Marx-Engels Correspondence 1874

Engels to Frierich Adolph Sorge
In Hoboken


Written: September 12 (and 17), 1874;
Source: Marx and Engels Correspondence;
Publisher: International Publishers (1968);
First Published: Gestamtausgabe;
Translated: Donna Torr;
Transcribed: Sally Ryan in 1999;
HTML Markup: Sally Ryan.

London, 12[-17] September 1874

With your resignation the old International is entirely wound up and at an end. And that is well. It belonged to the period of the Second Empire, during which the oppression reigning throughout Europe entailed unity and abstention from all internal polemics upon the workers' movement, then just reawakening. It was the moment when the common, cosmopolitan interests of the proletariat could be put in the foreground: Germany, Spain, Italy, Denmark had only just come into the movement or were just coming into it. Actually in 1864 the theoretical character of the movement was still very confused everywhere in Europe, that is, among the masses. German Communism did not yet exist as a workers' party, Proudhonism was too weak to be able to insist on its particular fads, Bakunin's new trash had not so much as come into being in his own head, even the leaders of the English trade unions thought the programme laid down in the Preamble to the Statutes gave them a basis for entering the movement. The first great success was bound to explode this naive conjunction of all fractions. This success was the Commune, which was without any doubt the child of the International intellectually, although the International did not lift a finger to produce it, and for which the International — thus far with full justification — was held responsible.

When, thanks to the Commune, the International had become a moral force in Europe, the row at once began. Every fraction wanted to exploit the success for itself. The inevitable collapse arrived. Jealousy of the growing power of the only people who were really ready to work further along the lines of the old comprehensive programme — the German Communists — drove the Belgian Proudhonists into the arms of the Bakuninist adventurers. The Hague Congress was really the end — and for both parties. The only country where something could still be accomplished in the name of the old International was America, and by a happy instinct the executive was transferred there. Now its prestige is exhausted there too, and any further effort to galvanise it into new life would be folly and waste of energy. For ten years the International dominated one side of European history — the side on which the future lies — and can look back upon its work with pride. But in its old form it has outlived itself. In order to produce a new International after the fashion of the old one — an alliance of all the proletarian parties in every country — a general suppression of the workers' movement like that which predominated from 1849-64 would be necessary. But for this the proletarian world has become too big, too extensive. I think that the next International — after Marx's writings have had some years of influence — will be directly Communist and will openly proclaim our principles. ...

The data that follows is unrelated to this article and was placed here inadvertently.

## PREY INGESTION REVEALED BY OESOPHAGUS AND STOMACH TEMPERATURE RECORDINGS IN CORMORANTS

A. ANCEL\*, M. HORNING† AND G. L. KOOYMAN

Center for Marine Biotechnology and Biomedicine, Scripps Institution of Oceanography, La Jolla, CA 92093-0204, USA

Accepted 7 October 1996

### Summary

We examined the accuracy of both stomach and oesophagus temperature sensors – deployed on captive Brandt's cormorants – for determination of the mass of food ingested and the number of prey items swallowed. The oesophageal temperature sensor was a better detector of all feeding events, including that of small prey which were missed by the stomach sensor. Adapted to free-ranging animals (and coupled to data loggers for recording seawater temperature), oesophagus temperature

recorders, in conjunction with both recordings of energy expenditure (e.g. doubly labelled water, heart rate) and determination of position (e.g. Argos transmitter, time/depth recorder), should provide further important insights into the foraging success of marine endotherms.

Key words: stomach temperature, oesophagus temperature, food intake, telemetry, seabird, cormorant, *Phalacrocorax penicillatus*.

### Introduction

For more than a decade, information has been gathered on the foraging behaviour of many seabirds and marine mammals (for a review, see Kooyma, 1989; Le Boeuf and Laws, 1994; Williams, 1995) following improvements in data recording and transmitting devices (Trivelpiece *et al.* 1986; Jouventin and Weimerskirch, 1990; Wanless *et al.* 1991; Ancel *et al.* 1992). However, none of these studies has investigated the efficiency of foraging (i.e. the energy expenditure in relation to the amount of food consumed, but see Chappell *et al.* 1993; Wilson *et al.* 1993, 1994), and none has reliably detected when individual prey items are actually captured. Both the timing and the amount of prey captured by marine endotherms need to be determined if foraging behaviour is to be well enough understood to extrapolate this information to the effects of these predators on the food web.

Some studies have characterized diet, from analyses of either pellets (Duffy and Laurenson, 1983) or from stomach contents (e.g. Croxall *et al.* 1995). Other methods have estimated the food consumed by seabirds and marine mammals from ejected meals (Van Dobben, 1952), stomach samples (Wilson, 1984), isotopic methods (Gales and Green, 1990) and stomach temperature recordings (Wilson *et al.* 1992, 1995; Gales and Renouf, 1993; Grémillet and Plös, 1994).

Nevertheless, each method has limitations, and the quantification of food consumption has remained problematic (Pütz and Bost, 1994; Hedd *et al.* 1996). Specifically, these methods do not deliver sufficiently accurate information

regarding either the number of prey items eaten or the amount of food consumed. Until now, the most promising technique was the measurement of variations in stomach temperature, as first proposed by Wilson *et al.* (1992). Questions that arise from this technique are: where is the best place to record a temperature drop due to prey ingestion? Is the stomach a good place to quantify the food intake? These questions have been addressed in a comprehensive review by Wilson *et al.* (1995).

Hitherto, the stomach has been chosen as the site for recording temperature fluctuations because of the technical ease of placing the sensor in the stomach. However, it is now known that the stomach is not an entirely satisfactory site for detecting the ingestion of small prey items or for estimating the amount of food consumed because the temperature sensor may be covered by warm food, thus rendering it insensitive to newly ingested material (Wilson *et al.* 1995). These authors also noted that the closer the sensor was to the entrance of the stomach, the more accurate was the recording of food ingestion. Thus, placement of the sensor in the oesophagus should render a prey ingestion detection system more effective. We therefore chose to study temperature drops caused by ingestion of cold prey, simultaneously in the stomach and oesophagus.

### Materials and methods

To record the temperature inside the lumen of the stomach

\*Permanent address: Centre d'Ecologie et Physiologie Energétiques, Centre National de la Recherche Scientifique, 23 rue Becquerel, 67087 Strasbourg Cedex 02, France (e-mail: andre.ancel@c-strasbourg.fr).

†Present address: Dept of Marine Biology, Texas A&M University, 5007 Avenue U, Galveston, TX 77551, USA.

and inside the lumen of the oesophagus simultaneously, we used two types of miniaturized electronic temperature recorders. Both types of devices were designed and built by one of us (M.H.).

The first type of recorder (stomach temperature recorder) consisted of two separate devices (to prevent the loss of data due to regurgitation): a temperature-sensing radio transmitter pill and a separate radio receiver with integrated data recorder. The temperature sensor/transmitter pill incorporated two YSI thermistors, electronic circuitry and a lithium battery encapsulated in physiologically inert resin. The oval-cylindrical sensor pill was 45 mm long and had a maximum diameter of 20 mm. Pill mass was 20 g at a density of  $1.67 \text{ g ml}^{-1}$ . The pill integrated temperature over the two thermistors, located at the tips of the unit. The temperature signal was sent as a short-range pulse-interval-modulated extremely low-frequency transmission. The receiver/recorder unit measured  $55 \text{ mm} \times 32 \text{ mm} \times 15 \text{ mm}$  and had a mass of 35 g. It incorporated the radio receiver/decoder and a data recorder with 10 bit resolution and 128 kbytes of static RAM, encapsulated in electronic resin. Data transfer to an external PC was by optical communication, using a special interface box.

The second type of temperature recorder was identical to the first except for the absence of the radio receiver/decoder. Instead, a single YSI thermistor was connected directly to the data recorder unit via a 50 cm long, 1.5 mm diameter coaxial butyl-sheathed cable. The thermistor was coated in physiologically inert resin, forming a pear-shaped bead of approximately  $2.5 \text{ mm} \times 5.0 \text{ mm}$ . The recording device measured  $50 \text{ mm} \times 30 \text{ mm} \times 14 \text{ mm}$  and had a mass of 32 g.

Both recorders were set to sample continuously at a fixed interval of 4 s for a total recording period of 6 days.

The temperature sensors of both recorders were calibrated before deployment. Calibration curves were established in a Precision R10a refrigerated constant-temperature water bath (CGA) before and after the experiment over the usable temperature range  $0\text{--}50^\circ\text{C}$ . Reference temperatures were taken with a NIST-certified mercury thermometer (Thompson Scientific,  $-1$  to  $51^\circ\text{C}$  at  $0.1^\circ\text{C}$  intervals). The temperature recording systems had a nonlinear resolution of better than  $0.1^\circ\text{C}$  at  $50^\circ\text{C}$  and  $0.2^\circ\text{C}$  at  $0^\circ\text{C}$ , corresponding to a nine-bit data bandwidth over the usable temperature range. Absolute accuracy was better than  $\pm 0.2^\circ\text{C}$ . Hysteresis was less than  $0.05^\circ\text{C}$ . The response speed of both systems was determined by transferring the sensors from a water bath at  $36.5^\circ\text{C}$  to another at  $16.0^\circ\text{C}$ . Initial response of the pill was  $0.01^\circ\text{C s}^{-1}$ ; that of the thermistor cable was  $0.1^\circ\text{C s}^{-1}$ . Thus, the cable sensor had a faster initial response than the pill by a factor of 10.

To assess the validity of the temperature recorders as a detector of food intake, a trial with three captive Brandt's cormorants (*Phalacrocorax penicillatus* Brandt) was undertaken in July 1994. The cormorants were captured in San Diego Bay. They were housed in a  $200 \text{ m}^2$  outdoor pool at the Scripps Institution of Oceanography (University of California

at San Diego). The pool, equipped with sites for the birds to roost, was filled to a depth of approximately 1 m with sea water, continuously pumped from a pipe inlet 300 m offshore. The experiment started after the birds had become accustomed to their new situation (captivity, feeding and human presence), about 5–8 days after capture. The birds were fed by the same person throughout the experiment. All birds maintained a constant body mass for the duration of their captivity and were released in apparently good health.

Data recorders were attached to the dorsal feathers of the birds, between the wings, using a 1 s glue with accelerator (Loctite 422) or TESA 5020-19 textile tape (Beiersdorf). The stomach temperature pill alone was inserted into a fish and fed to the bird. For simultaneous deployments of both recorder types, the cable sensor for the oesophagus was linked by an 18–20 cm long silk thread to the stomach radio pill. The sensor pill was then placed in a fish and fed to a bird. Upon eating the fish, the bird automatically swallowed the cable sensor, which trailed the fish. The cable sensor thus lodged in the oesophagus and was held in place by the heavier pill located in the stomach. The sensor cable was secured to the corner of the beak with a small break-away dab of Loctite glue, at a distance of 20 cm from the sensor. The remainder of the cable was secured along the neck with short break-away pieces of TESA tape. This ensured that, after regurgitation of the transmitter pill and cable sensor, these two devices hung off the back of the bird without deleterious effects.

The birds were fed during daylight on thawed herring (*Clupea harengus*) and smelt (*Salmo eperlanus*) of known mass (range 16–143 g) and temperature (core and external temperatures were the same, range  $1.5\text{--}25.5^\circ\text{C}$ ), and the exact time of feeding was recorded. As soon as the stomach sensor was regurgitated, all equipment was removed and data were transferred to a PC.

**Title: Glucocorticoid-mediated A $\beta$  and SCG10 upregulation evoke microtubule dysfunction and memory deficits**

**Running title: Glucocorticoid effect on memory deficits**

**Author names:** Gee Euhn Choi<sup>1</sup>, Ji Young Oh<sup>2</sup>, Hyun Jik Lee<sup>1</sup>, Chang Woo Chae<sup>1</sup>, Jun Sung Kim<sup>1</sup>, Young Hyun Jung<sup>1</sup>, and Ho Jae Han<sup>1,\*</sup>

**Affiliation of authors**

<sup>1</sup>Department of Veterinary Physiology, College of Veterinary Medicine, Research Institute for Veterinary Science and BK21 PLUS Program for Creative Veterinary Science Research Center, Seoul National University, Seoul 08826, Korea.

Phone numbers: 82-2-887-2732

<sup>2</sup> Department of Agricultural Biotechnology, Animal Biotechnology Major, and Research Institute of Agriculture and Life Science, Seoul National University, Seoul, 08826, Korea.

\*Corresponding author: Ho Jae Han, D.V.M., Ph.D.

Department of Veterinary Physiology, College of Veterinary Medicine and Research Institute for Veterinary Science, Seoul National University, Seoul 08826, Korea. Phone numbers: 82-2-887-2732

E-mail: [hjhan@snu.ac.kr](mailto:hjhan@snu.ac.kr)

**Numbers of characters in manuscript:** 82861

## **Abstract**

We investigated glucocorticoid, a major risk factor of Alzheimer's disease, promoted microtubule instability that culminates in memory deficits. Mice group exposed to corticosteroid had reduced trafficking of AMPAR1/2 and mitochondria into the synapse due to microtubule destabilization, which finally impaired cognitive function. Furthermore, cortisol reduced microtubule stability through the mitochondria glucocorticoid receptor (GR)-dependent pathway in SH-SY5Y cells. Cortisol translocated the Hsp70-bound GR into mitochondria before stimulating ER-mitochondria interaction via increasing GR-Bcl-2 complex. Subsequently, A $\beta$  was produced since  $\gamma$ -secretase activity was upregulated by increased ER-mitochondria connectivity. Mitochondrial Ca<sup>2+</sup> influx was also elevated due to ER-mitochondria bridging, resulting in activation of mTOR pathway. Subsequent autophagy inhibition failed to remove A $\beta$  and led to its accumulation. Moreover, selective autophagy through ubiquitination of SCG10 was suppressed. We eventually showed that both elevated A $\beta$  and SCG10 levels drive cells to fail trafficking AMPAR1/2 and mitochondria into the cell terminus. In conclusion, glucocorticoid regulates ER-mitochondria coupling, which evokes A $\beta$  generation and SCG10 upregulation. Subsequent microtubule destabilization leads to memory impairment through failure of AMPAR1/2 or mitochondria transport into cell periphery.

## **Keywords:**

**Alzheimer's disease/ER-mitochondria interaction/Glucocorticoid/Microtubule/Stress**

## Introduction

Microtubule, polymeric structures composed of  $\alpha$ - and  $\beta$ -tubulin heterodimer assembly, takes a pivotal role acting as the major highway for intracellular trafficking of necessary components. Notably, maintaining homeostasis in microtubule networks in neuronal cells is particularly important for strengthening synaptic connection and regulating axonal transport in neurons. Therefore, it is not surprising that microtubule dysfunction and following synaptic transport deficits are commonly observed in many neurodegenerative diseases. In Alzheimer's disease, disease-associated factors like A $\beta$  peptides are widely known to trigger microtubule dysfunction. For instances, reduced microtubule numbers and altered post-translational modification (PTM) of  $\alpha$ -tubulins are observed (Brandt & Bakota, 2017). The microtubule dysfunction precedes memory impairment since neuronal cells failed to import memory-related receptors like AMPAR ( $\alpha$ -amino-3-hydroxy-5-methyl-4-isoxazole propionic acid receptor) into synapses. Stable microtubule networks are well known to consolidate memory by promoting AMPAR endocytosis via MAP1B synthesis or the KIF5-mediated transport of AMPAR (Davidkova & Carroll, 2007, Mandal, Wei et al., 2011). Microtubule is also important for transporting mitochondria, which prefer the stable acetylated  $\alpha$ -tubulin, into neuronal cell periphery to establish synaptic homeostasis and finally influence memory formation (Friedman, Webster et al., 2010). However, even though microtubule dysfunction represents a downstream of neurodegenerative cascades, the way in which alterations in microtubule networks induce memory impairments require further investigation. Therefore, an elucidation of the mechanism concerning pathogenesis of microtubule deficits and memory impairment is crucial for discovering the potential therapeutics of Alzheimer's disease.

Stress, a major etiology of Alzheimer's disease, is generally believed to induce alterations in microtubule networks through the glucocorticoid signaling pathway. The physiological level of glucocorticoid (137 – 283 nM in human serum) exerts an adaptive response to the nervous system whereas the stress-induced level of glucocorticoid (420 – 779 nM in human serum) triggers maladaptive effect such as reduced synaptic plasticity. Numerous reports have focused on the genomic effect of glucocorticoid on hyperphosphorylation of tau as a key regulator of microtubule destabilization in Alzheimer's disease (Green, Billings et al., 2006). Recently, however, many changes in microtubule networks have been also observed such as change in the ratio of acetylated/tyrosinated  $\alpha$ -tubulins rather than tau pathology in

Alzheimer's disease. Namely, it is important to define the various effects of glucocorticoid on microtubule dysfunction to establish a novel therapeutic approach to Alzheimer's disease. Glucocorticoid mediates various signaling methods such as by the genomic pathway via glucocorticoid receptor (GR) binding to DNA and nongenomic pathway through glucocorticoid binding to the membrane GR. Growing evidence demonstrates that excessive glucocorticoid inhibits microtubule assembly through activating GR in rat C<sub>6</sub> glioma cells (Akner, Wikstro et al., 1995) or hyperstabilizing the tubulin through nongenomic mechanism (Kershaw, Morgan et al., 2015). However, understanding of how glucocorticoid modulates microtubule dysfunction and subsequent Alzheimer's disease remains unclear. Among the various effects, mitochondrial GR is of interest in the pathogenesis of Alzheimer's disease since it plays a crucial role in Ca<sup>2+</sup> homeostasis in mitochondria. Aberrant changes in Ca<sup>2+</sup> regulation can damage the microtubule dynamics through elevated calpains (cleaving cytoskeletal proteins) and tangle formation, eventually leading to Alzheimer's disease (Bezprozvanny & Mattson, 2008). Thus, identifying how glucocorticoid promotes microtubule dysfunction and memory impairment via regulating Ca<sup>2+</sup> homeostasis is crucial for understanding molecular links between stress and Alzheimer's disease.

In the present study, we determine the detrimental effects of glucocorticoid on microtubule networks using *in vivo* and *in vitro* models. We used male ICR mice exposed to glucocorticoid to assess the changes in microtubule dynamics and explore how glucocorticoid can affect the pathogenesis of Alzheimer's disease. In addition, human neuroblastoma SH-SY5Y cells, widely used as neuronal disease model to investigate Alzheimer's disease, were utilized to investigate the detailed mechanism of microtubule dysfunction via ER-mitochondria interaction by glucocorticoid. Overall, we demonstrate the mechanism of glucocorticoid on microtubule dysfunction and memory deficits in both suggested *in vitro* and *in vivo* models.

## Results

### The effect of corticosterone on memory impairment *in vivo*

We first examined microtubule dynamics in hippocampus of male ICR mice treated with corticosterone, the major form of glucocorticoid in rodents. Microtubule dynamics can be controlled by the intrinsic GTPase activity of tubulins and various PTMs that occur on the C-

In Germany things are going splendidly in spite of all the persecution, and partly just because of the persecution. The Lassalleans have been so much discredited by their representatives in the Reichstag that the Government has had to start persecuting them in order to give this movement once more the appearance of being intended seriously. For the rest, since the elections the Lassalleans have found it necessary to come out in the wake of our people. It is a real piece of luck that Hasselmann and Hasenclever were elected to the Reichstag. They are discrediting themselves there visibly; they will either have to go with our people or else perpetrate tomfooleries on their own. Both will ruin them.